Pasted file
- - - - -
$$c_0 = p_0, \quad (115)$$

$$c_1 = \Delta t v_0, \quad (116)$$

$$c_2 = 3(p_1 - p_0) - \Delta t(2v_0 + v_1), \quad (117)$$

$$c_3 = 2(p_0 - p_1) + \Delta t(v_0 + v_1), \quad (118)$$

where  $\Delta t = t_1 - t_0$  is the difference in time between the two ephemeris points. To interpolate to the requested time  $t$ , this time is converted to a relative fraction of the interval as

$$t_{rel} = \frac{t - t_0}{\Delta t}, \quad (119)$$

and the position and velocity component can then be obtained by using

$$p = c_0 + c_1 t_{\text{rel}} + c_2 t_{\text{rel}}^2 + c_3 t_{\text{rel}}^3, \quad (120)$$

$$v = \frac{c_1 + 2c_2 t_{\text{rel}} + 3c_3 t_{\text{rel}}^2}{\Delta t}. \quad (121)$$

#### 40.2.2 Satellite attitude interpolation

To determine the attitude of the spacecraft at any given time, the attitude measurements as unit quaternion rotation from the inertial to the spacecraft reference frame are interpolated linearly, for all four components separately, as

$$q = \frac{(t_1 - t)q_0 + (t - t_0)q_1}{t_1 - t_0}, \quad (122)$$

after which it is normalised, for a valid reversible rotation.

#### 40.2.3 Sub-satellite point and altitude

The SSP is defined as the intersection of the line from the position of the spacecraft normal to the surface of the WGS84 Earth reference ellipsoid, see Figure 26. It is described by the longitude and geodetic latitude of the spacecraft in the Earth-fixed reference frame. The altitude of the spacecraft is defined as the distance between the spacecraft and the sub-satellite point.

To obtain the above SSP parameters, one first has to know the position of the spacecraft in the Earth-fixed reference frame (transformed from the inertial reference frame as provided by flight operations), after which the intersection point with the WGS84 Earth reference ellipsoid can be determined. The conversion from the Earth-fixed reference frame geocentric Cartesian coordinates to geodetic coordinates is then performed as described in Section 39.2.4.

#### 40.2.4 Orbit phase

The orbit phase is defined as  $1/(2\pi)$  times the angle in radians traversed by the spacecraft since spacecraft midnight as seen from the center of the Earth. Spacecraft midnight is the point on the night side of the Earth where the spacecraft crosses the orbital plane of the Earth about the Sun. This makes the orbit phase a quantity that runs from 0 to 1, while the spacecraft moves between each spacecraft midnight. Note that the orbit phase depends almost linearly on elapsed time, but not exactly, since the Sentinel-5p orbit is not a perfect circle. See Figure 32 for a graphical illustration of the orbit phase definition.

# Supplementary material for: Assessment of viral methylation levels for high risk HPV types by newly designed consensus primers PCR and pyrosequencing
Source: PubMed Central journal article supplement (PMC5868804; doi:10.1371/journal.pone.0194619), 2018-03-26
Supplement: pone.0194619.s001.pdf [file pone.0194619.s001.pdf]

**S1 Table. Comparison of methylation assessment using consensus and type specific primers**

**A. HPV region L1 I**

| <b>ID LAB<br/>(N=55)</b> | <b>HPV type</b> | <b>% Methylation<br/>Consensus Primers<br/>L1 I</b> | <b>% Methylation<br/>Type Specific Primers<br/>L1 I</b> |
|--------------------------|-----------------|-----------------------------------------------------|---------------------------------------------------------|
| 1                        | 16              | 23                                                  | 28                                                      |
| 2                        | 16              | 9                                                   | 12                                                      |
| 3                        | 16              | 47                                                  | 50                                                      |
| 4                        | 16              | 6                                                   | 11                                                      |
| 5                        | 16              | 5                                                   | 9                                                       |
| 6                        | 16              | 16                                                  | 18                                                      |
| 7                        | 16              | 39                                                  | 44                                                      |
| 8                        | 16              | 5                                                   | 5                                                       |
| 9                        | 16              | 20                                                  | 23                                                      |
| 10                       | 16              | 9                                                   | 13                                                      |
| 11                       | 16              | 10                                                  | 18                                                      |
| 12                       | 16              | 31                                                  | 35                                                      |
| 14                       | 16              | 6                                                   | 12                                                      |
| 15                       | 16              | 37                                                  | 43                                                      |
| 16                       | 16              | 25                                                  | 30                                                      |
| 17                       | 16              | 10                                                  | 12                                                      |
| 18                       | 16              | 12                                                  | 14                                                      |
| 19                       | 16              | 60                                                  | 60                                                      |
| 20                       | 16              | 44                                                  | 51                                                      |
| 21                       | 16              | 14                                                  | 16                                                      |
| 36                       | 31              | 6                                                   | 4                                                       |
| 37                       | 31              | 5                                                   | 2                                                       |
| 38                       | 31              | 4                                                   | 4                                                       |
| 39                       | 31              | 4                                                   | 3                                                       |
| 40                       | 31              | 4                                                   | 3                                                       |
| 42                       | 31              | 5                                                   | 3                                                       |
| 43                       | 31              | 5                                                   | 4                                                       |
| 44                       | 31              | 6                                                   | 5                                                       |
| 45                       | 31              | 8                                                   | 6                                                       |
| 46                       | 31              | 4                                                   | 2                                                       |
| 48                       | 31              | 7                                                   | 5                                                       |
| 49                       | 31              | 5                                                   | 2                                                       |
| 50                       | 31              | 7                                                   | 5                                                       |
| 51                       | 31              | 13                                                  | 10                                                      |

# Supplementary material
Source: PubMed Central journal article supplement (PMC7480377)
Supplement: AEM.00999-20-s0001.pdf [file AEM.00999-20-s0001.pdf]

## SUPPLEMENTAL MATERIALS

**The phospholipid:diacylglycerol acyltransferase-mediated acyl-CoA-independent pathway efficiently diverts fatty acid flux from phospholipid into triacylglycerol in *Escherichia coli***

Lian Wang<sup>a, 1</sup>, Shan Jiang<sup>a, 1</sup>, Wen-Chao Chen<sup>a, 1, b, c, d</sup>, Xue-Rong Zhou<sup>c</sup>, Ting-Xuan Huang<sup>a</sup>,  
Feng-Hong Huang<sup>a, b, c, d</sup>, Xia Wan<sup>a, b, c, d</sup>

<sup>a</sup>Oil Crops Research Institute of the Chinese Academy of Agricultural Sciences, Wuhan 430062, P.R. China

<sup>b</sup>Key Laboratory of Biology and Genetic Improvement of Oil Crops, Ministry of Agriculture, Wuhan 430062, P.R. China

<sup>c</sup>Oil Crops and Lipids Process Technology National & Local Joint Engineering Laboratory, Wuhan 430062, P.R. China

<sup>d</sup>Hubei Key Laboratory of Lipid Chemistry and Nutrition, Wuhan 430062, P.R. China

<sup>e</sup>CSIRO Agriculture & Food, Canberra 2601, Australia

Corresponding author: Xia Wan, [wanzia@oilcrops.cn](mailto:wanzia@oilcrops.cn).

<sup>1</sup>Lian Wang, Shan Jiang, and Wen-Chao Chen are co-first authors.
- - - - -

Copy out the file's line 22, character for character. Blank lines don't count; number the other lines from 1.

**S1 Table. Comparison of methylation assessment using consensus and type specific primers**